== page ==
Utilising Event Cognition Principles to Explore the Effects of Location Change on Memory Within Immersive Virtual Environments
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The thesis covers a series of studies that explore and investigate the application of event cognition theory to the design of virtual reality (VR) spaces for improved memory recall. The thesis starts with a usability study of a recovery position VR training app developed within the University of Plymouth (Watson 2018, 2021). This work compares the recall and satisfaction of using this application across mobile VR, desktop displays, and pre-recorded video.
Based on the first prototype the question then posed is:
“Can we better design immersive virtual training spaces that support cognitive processes that might aid learning.”
Although enhancing memory does not necessarily equate to more learning, recall of information is an important step in many approaches to education and training. Previous real world event cognition work has observed an increase in recall when separating information between rooms, compared to having the same information delivered within a single room (Pettijohn, 2016). This enhancement comes without any specified strategy from the subjects. Segmenting information between VR rooms might also observe similar memory benefits. VR allows complete control over the visual and audio feed to the user, the narrative of events, and affords spatial understanding similar to the real world.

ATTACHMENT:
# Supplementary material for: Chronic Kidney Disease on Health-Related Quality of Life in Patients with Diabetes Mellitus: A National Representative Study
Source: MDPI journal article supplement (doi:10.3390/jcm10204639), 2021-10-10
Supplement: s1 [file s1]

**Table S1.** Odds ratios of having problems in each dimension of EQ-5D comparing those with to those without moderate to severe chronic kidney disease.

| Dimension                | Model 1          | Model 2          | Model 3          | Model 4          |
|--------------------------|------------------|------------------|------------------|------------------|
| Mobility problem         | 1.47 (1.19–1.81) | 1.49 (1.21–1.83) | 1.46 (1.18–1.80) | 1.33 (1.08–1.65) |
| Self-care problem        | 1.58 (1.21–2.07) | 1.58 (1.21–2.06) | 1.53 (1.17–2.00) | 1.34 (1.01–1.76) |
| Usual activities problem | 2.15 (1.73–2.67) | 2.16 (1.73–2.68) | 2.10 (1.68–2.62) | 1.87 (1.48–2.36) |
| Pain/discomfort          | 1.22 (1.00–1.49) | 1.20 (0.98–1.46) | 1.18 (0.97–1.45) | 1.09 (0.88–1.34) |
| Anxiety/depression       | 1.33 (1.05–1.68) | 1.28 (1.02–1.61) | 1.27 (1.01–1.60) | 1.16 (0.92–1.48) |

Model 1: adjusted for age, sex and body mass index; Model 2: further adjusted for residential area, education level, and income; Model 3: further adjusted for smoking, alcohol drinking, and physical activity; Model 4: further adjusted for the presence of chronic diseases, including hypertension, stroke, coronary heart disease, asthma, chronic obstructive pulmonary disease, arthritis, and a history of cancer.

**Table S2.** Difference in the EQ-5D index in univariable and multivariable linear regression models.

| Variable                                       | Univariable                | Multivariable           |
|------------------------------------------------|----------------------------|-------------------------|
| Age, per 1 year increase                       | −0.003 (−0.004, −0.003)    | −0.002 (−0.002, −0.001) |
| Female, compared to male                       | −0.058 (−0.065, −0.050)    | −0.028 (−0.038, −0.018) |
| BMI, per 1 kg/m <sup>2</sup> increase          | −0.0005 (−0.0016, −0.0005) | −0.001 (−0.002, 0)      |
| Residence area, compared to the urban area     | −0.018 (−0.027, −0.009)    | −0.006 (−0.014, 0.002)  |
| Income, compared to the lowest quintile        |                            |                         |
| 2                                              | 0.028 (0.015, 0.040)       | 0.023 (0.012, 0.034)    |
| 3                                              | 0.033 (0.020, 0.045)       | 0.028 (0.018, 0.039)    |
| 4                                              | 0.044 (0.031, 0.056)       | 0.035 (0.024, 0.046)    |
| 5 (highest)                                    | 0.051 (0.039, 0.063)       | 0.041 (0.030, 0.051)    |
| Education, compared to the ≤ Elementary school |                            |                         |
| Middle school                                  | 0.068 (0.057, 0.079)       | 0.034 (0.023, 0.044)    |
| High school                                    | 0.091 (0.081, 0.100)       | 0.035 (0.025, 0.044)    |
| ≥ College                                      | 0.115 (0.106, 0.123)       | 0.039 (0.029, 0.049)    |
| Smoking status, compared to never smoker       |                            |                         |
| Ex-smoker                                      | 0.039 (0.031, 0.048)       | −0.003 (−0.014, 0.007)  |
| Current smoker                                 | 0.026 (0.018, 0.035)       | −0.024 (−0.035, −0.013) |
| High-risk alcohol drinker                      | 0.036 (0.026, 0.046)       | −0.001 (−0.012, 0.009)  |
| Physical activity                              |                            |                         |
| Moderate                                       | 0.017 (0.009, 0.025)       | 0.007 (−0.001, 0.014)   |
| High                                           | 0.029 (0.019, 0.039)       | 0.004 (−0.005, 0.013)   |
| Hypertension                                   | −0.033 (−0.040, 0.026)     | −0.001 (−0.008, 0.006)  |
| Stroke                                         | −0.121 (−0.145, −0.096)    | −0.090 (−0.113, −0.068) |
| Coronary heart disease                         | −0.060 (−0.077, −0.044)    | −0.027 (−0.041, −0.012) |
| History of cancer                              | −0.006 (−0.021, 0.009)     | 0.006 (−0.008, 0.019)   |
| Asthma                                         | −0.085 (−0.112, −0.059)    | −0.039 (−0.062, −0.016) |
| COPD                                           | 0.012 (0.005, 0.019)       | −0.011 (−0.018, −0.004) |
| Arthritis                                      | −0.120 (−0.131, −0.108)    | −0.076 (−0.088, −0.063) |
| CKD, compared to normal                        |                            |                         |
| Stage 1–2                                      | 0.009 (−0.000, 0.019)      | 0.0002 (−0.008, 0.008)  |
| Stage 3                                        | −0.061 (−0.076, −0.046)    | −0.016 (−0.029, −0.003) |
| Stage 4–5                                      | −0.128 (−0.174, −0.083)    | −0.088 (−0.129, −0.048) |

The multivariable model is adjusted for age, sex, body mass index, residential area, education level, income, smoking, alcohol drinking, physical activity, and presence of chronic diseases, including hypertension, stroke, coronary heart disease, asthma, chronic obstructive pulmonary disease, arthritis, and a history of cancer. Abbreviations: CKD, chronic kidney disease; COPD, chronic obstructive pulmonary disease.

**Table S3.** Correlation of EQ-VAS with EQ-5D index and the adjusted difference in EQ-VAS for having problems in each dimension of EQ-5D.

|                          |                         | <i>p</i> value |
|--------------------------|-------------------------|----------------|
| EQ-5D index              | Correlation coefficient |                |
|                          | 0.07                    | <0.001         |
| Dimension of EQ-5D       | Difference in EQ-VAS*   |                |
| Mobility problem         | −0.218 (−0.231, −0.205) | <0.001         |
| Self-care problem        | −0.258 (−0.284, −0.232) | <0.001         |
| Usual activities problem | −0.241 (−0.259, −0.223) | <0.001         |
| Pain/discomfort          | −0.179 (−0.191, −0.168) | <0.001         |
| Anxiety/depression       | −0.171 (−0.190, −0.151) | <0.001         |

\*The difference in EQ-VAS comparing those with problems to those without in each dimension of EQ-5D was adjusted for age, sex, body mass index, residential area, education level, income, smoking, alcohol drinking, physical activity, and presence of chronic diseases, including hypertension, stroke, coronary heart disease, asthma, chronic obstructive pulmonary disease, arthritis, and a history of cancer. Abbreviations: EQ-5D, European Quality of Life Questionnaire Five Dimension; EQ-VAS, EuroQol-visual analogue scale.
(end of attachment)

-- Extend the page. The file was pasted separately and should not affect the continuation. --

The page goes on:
Across a further three studies, the thesis explores if recall can be improved by separating information between two immersive virtual rooms: In study 1, using a repeated measures design, subjects are exposed to two word lists within one VR room or between VR two rooms (Watson, 2021). In study 2, using a repeated measures design, subjects are exposed to two word lists within one room or between two rooms. However, both of these conditions are performed in both the real world and the immersive VR world.In study 3, using a repeated measures design, subjects are exposed to two word lists within one room or between two rooms. However, this study also controls for variation of the local and global scene upon word lists delivery. For example whether or not the word lists are delivered with the same voice and aesthetic, or variation within these characteristics. Based on our incremental study design, this work observes no significant benefit for segmenting wordlists between immersive virtual rooms for the population sample presented. To support these studies, a virtual reality tool is developed and refined to teach interaction and navigation paradigms, experimental procedures, and facilitate a realistic cognitive simulation of room environments through believable and distinct aesthetics. Post experiment surveys suggest that the virtual reality tool if fit for purpose as a tutorial tool and to deliver the virtual experimental conditions.